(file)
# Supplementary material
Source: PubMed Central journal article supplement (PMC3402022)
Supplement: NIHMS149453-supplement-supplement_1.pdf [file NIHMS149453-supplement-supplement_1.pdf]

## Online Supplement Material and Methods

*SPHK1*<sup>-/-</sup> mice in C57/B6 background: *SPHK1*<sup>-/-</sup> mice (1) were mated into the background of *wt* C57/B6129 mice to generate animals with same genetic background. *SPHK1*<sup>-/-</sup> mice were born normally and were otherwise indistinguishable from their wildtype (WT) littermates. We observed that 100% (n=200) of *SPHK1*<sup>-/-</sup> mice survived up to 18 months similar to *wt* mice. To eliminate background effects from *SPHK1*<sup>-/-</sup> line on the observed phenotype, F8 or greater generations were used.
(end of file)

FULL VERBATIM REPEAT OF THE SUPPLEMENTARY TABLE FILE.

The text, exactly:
# Supplementary material
Source: PubMed Central journal article supplement (PMC3402022)
Supplement: NIHMS149453-supplement-supplement_1.pdf [file NIHMS149453-supplement-supplement_1.pdf]

## Online Supplement Material and Methods

*SPHK1*<sup>-/-</sup> mice in C57/B6 background: *SPHK1*<sup>-/-</sup> mice (1) were mated into the background of *wt* C57/B6129 mice to generate animals with same genetic background. *SPHK1*<sup>-/-</sup> mice were born normally and were otherwise indistinguishable from their wildtype (WT) littermates. We observed that 100% (n=200) of *SPHK1*<sup>-/-</sup> mice survived up to 18 months similar to *wt* mice. To eliminate background effects from *SPHK1*<sup>-/-</sup> line on the observed phenotype, F8 or greater generations were used.